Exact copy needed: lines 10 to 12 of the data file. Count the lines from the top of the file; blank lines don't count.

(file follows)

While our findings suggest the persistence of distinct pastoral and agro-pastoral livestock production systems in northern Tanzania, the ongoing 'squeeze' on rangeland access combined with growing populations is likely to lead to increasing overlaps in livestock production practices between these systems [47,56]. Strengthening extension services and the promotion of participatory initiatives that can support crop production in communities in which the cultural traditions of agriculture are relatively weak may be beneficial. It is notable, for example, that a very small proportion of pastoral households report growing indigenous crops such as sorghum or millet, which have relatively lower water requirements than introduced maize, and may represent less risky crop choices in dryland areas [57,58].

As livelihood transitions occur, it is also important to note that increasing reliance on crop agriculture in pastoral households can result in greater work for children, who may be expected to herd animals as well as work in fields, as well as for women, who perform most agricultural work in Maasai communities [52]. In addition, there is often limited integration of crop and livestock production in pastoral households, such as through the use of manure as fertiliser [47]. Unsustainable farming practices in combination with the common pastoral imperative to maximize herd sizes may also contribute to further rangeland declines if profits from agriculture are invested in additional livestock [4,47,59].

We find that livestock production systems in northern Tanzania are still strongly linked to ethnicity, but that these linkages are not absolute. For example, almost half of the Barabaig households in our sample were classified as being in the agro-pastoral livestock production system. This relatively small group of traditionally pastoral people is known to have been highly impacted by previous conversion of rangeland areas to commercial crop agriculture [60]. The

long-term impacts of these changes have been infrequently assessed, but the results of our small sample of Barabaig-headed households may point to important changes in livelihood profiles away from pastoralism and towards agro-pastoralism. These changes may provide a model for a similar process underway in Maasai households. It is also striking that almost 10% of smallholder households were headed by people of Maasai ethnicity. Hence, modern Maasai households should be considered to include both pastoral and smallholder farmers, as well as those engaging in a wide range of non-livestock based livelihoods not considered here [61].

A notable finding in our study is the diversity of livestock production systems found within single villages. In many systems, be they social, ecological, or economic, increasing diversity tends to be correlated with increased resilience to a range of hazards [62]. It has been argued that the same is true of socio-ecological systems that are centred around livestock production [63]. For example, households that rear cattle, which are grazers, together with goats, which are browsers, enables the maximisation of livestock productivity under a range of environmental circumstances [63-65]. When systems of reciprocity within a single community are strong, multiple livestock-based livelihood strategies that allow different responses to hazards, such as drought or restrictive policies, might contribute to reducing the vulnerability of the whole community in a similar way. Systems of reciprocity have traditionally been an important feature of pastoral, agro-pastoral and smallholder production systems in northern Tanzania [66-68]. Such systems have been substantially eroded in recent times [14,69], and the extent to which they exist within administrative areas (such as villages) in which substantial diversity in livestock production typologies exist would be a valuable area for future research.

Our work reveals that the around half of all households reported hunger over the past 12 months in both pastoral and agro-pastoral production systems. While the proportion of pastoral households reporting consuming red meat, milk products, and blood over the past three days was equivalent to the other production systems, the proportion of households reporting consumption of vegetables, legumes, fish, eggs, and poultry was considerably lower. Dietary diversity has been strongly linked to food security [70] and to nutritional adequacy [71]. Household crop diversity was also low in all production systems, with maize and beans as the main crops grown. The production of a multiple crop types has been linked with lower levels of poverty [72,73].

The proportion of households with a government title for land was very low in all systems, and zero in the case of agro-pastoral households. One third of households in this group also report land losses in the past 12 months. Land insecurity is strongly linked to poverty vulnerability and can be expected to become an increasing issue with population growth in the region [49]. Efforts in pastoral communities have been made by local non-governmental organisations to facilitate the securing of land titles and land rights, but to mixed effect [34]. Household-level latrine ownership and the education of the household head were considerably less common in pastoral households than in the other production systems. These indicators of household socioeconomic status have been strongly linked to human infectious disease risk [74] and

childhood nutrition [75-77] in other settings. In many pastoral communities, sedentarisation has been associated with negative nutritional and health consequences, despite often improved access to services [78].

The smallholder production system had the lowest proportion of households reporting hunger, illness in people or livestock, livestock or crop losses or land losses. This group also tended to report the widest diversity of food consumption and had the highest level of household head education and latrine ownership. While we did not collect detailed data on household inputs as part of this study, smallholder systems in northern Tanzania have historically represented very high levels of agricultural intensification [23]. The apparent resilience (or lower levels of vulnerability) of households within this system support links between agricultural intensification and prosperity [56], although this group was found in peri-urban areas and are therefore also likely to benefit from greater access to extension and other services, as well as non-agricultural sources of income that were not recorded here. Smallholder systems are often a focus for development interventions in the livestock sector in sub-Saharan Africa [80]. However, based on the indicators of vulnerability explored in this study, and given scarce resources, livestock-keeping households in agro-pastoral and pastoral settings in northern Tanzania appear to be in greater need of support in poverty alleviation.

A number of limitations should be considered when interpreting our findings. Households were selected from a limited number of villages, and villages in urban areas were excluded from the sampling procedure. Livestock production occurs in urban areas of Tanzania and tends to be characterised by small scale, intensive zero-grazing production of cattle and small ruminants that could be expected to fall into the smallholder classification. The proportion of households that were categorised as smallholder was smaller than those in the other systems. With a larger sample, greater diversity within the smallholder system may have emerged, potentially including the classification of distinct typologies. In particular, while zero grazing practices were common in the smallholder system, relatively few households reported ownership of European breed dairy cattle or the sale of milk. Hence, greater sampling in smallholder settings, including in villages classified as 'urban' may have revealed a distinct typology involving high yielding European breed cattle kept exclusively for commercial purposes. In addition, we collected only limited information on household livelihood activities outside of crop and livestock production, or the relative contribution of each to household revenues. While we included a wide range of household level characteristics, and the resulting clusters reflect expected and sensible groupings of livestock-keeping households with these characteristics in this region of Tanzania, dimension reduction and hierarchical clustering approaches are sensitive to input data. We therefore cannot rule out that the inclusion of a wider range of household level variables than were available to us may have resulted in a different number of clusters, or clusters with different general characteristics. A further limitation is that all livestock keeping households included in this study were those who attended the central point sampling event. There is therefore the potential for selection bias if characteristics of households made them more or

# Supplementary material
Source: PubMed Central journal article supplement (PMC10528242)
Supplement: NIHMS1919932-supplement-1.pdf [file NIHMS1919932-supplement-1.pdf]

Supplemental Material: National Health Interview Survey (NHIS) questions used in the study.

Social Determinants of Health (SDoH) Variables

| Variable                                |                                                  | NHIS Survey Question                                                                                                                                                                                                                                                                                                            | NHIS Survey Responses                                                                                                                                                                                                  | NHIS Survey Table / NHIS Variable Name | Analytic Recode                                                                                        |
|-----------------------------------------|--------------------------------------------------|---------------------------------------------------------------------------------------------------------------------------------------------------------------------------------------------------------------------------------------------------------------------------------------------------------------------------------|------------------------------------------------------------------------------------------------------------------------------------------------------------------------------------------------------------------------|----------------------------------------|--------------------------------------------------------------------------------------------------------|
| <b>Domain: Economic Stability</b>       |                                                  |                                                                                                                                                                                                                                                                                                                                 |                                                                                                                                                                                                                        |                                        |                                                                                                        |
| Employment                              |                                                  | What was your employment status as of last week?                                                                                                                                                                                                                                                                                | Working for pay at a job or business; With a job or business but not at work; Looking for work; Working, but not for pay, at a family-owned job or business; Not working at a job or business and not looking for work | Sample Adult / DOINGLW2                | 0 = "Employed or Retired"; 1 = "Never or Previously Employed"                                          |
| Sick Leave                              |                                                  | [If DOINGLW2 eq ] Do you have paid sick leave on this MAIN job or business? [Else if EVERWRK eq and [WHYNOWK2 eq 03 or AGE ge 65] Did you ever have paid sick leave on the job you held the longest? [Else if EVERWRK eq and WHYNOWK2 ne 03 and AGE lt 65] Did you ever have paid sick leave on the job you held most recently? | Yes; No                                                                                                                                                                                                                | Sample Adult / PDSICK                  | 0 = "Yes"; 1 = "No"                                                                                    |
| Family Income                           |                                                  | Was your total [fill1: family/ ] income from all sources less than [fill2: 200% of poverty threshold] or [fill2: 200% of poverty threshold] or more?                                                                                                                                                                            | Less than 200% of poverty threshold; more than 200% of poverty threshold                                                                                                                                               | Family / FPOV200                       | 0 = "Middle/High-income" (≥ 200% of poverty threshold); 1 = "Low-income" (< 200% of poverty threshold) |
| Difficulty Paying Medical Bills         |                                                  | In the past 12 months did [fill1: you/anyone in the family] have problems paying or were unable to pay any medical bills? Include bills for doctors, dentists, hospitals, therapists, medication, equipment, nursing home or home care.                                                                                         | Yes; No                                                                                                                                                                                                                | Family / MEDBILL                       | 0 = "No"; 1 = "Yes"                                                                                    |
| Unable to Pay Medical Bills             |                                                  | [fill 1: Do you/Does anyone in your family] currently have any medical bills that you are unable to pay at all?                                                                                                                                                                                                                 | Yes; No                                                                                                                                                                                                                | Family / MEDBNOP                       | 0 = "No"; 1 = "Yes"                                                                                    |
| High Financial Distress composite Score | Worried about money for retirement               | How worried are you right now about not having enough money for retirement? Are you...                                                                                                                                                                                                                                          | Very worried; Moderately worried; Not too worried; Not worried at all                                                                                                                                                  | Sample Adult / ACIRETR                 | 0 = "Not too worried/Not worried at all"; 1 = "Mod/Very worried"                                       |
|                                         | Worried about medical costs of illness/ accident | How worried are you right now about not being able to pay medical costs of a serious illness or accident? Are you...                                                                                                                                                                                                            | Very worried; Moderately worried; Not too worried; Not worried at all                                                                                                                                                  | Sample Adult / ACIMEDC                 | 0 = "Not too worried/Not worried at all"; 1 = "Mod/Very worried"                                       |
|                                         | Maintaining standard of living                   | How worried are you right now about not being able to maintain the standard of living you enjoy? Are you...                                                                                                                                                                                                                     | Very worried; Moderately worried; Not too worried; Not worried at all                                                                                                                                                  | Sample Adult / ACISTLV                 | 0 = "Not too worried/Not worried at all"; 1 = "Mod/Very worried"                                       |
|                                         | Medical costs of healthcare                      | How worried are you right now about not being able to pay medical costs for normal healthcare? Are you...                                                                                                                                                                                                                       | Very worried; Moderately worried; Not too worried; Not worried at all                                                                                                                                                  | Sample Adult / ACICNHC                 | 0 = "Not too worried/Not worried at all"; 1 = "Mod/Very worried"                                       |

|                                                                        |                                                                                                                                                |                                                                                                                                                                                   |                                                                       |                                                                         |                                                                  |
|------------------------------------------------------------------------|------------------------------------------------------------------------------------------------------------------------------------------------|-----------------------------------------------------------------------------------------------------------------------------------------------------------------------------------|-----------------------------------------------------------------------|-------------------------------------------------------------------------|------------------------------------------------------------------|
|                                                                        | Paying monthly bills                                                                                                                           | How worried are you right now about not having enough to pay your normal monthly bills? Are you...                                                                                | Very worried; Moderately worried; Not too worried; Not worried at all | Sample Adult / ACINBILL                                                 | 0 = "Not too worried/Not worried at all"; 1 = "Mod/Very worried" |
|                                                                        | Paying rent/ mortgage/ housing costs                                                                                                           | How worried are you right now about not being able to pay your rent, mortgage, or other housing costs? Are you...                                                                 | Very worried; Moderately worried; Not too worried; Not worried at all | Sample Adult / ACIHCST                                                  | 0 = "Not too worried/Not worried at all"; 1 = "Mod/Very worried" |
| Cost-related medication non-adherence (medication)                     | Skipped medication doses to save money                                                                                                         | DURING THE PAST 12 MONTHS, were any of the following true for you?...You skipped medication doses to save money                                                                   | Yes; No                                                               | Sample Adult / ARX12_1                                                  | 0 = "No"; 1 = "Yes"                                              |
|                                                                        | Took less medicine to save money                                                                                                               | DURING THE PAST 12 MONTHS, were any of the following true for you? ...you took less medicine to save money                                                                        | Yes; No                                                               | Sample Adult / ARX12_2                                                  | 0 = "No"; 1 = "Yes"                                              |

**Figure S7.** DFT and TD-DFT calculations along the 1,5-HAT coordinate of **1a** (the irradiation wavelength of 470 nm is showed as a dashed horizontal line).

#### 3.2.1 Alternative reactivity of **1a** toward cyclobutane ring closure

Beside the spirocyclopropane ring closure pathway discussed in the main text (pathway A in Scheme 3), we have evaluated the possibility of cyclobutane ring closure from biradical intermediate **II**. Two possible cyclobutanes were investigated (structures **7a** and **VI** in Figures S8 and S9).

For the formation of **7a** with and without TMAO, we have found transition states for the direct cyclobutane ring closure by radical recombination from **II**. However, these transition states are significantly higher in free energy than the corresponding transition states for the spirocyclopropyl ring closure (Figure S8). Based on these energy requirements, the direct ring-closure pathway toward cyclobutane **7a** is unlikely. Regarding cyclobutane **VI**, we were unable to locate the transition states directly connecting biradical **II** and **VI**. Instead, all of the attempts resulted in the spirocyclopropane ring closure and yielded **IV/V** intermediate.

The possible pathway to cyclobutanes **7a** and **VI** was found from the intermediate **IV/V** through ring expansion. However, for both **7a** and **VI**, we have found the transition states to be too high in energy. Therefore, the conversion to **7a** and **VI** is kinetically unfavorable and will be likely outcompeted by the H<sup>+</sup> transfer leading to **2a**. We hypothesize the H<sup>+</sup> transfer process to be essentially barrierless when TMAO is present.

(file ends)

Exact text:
A number of limitations should be considered when interpreting our findings. Households were selected from a limited number of villages, and villages in urban areas were excluded from the sampling procedure. Livestock production occurs in urban areas of Tanzania and tends to be characterised by small scale, intensive zero-grazing production of cattle and small ruminants that could be expected to fall into the smallholder classification. The proportion of households that were categorised as smallholder was smaller than those in the other systems. With a larger sample, greater diversity within the smallholder system may have emerged, potentially including the classification of distinct typologies. In particular, while zero grazing practices were common in the smallholder system, relatively few households reported ownership of European breed dairy cattle or the sale of milk. Hence, greater sampling in smallholder settings, including in villages classified as 'urban' may have revealed a distinct typology involving high yielding European breed cattle kept exclusively for commercial purposes. In addition, we collected only limited information on household livelihood activities outside of crop and livestock production, or the relative contribution of each to household revenues. While we included a wide range of household level characteristics, and the resulting clusters reflect expected and sensible groupings of livestock-keeping households with these characteristics in this region of Tanzania, dimension reduction and hierarchical clustering approaches are sensitive to input data. We therefore cannot rule out that the inclusion of a wider range of household level variables than were available to us may have resulted in a different number of clusters, or clusters with different general characteristics. A further limitation is that all livestock keeping households included in this study were those who attended the central point sampling event. There is therefore the potential for selection bias if characteristics of households made them more or

# Supplementary material
Source: PubMed Central journal article supplement (PMC10528242)